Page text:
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In Seattle we walked.  Everyday.  To the famous waterfront market there or to Chinatown, to old town and Pioneer Square or else all the way to Queen Anne which wasn’t all the way rich yet, just for the adventure or a sometimes couple dollar meal.  We lived for six more weeks on our buddy’s floor, and flew home to Maryland for a visit and family wedding, all for under a thousand dollars.  It was pre-internet and a novelty for us even to use a debit card or think of owning a credit card.

When we did, finally, move to our new place on the central Oregon coast, it was into a trailer where the Alsea River mouth becomes the Alsea Bay.  We had no money at all, sometimes not even food, and couldn’t find jobs the first two months we were there.  But in our canoe on that river the ocean dolphins would sometimes break the water next to us, traveling in smooth silver lines, the whole way around the bay.   Up the river just three miles the Alsea Highway led us right into the heart of a national forest, and we learned to forage chanterelle mushrooms and cook meal after brand new meal using them as our main ingredient.

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I was so stressed those first two months my memory is stuck on crying myself to sleep more than once, and a sick, crazy feeling in my guts, and soaked corduroys and rain dripping off the hood of my rain jacket onto my glasses.  I beseeched the Great Love, or whatever it was that I believed in and felt and followed from my bones the whole time we lived in the forests and on the road, weeping and promising swearing to It that I’d ask the first sober female I encountered in the nearby recovery club to be my mentor.  Believing that I could bargain my way back to the reward feeling that everything would be ok.

Faith, as I have since learned by living, isn’t actually about trusting that the outcome will work out in your favor.  It is actually about how you walk when you have no idea the outcome that’s in store.  Walking through my real life with a willingness to believe that I’ll be taken care of, no matter what.

Gretchen is the name of the woman who’d become my mentor, and she was in fact the first female I encountered at the club three times.  I was a full on kinda crazy when I met her, and she became the one person in my life who for a decade and a half–years and years in fact after I’d up and leave the Oregon coast and continue traveling–to always, no matter what, remind me every time to be true to my self.

She was a lighthouse, of sorts.  Always leading me back home, within.

And there’s a relationship, I’m realizing, of that sort of consistent, if only momentary re-commitment of clarity and light within, to faith.  Similar to how the words always lead me, not knowing how I’ll get there, but if I trust the process of laying each one down how I do always get there, soundly, to peace.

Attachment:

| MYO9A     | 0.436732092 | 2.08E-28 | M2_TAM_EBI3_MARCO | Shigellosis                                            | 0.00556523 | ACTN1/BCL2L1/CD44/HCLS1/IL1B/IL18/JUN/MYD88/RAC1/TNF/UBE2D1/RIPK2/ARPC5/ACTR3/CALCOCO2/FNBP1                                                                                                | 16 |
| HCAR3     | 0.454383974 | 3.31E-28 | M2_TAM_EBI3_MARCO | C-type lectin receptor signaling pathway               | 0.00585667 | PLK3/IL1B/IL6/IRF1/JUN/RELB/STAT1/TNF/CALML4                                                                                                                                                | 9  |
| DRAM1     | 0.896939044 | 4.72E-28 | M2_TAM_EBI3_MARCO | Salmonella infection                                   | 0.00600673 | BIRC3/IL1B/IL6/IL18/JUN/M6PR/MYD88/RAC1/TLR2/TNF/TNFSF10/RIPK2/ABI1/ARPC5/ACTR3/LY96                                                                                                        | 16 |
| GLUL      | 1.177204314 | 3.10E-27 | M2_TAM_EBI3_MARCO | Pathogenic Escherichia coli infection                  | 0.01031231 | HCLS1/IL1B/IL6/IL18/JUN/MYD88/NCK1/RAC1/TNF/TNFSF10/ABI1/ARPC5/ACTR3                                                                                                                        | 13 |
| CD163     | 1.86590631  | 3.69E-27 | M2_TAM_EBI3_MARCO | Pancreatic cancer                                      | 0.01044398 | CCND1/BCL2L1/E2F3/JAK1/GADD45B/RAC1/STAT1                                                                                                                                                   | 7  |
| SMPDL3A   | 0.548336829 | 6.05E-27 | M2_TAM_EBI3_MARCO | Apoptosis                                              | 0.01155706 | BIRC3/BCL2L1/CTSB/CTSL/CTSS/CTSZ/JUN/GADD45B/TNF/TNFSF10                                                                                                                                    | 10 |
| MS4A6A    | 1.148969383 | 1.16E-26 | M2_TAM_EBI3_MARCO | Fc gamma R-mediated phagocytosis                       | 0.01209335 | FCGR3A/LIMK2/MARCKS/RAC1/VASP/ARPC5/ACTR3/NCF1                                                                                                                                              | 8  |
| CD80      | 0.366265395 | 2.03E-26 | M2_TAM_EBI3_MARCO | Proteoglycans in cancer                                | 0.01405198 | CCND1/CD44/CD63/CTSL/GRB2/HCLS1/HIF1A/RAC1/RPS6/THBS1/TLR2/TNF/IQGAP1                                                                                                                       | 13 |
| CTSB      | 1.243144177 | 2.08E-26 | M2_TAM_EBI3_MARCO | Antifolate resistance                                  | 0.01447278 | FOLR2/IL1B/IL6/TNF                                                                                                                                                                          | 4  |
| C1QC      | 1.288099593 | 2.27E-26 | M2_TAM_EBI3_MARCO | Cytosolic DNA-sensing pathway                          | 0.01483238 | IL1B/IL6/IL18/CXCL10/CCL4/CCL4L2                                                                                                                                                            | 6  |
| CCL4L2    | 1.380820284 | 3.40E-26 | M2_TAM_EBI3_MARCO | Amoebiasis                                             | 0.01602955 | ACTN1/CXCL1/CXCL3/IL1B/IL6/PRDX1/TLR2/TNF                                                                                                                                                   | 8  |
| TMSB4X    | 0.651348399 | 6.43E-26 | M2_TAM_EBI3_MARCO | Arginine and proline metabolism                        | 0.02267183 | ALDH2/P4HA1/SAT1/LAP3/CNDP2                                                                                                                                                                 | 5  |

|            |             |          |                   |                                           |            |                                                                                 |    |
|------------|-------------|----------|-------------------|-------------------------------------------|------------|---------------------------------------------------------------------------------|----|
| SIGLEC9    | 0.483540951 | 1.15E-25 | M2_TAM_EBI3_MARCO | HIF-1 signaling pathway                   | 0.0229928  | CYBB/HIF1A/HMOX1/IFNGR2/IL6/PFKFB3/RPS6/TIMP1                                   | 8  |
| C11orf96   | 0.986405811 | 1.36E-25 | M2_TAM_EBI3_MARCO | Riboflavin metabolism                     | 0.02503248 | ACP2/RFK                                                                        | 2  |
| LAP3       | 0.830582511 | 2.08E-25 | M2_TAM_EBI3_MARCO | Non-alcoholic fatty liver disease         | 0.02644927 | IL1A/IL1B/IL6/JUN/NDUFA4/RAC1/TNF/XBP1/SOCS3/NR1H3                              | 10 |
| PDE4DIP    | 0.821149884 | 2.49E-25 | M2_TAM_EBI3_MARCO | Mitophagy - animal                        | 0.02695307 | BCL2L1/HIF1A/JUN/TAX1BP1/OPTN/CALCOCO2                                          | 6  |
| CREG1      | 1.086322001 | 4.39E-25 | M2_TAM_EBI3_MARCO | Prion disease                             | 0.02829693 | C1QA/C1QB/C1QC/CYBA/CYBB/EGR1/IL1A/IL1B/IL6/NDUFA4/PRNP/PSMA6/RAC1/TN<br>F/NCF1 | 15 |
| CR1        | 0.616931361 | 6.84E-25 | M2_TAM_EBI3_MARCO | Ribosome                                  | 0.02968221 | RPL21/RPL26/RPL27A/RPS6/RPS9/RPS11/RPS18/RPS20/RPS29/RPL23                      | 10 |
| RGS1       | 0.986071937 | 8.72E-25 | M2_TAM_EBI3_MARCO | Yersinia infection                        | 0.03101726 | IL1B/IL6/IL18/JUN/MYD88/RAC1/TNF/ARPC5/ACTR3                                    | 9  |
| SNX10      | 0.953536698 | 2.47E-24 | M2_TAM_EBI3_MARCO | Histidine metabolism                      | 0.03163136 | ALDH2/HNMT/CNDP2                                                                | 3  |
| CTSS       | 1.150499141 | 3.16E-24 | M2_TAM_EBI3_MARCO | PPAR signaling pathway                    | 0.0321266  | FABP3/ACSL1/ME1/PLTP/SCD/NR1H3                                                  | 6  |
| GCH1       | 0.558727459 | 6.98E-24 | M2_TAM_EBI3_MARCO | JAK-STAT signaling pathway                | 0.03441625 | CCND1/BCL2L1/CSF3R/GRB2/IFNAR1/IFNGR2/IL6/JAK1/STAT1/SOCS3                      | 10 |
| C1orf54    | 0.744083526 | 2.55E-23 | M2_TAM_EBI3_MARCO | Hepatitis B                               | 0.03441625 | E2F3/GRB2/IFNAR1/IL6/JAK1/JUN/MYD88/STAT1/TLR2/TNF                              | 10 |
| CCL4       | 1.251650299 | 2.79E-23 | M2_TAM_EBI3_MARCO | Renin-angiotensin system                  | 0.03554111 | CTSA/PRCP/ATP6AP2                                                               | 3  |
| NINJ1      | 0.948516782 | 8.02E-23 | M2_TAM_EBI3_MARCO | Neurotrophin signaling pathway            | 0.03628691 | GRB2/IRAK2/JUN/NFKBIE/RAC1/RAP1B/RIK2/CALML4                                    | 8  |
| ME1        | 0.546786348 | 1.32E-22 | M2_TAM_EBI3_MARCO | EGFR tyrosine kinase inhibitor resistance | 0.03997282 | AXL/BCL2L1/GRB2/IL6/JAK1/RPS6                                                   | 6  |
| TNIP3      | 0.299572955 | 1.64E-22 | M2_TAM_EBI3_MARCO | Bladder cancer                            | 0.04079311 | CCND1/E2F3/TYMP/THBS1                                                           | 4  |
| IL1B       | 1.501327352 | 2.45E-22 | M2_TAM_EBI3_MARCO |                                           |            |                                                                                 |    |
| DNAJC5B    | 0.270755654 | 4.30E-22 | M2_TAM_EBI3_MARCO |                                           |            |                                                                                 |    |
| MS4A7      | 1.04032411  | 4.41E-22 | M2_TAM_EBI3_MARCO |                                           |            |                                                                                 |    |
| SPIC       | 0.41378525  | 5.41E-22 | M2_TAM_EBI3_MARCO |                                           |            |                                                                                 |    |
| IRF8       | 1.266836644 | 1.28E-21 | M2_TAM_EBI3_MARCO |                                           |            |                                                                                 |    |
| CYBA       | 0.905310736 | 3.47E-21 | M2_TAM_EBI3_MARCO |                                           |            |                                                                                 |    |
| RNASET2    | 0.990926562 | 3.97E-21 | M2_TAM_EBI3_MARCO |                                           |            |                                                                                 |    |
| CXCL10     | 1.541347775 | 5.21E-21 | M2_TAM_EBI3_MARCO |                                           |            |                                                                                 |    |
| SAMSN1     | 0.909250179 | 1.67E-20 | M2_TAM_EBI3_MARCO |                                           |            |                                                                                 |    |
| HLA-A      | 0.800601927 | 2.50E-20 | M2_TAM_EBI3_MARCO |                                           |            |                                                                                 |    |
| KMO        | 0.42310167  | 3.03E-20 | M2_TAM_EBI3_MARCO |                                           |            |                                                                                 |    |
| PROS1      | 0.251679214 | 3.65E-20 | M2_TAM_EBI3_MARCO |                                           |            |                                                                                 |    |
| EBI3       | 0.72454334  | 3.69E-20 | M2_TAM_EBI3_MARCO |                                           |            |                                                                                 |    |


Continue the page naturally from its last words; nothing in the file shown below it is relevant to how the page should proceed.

Faith is not so much about the steps you are taking as much as it is, maybe, about how graceful we are in not resisting having to take steps forward, anyway.  Even when we can’t fully see.

 

 

 

Sun down on the summa

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The first day I pulled into that town colonial-known cuz it’s river was a “headwater” of the Chesapeake, I was still a drunk (in fact in the center of a mean red haze continued that same night on the docks in Annapolis where I was waitin tables) which made it so those funky catfish mudbanks grabbed my heart and tortured me with love so hard  I swooned.

Look there’s one thing we drunks do and it’s romanticize, so let me tell ya.  I never really left the Eastern shore again after that first day and I am telling you 100%, it was cuz of the river, it got in my heart.  It was 1998.  I’d just turned 21.

It was even river-named, this headwaters place, called Chestertown.

Chestertown not barely the only place in those upper highlands dirty with the knee high grit of pleasant living bay blues, but it had a special hold on the wilds left there in a way south Baltimore docks had long ago at least in part lost.

Nah.  Not #lost, just, forgot.

South Baltimore docks being the part of native land that my Maryland family was originally from.  Grit our birthright, what the wild had replaced…you understand?

It was, by crow flight, what?  5, 6 miles? 10?  Across the Bay, to where my dad’s family was born : them old private Kent county points I ain’t gonna name and #sellout here.

It was also not barely the first time I’d been in love.

That first day I pulled into Chestertown I was still with this guy named Joe. He lived in #Eastport and I stayed in his room, all of us in that pad of his working at the rum place right across the Eastport bridge, on the corner there, downtown.

Makes me smile to think on those good days long gone because 🙂 God damn!!  If there was one thing I was good at back then it sure was #fuckndrinking.

Anyway, my sobriety turns adult this year.  That’s right.  Not a swallow of alcohol in me in 18 years.  Well, I mean except for that one time at the Hotel Imperial I chugged water from what I thought was my glass but actually it was someone else’s and full of vodka.  And also at the hostel in Baja, Mex, when I thought I was grabbing for and chugging a coke but actually, #TECATE.

Anyhow.  Also, the amount of years it’s been since I got out of high school now is equal to the age I was when I quit the drink.  23.

Meaning.  Lately I’ve been thinking how this path I’ve been on is adding up.

And anyways, since I come from a story-telling on the back porch laugh til your sobbing crying people, and because the words are how I process so my inside and my outsides make sense, I figured that with all this damn thinking going on it might best be time to start writing, again, instead.

So.  I give you The So Much I Would Have Said.

ctown in naptown

A blog in memory (and honor of the legacy) of my first #soulfamily #elders, both whom now have passed.

Gretchen, Bobby Ray~

Thank you.

~

image 1: sun down on the summa, #knowwhatstreet!?!??! #ocmd 

image 2: ctown crew in naptown, sometime in 03 or 04, or 06-08

~

what I’m listening to: The Dead South, In Hell I’ll Be in Good Company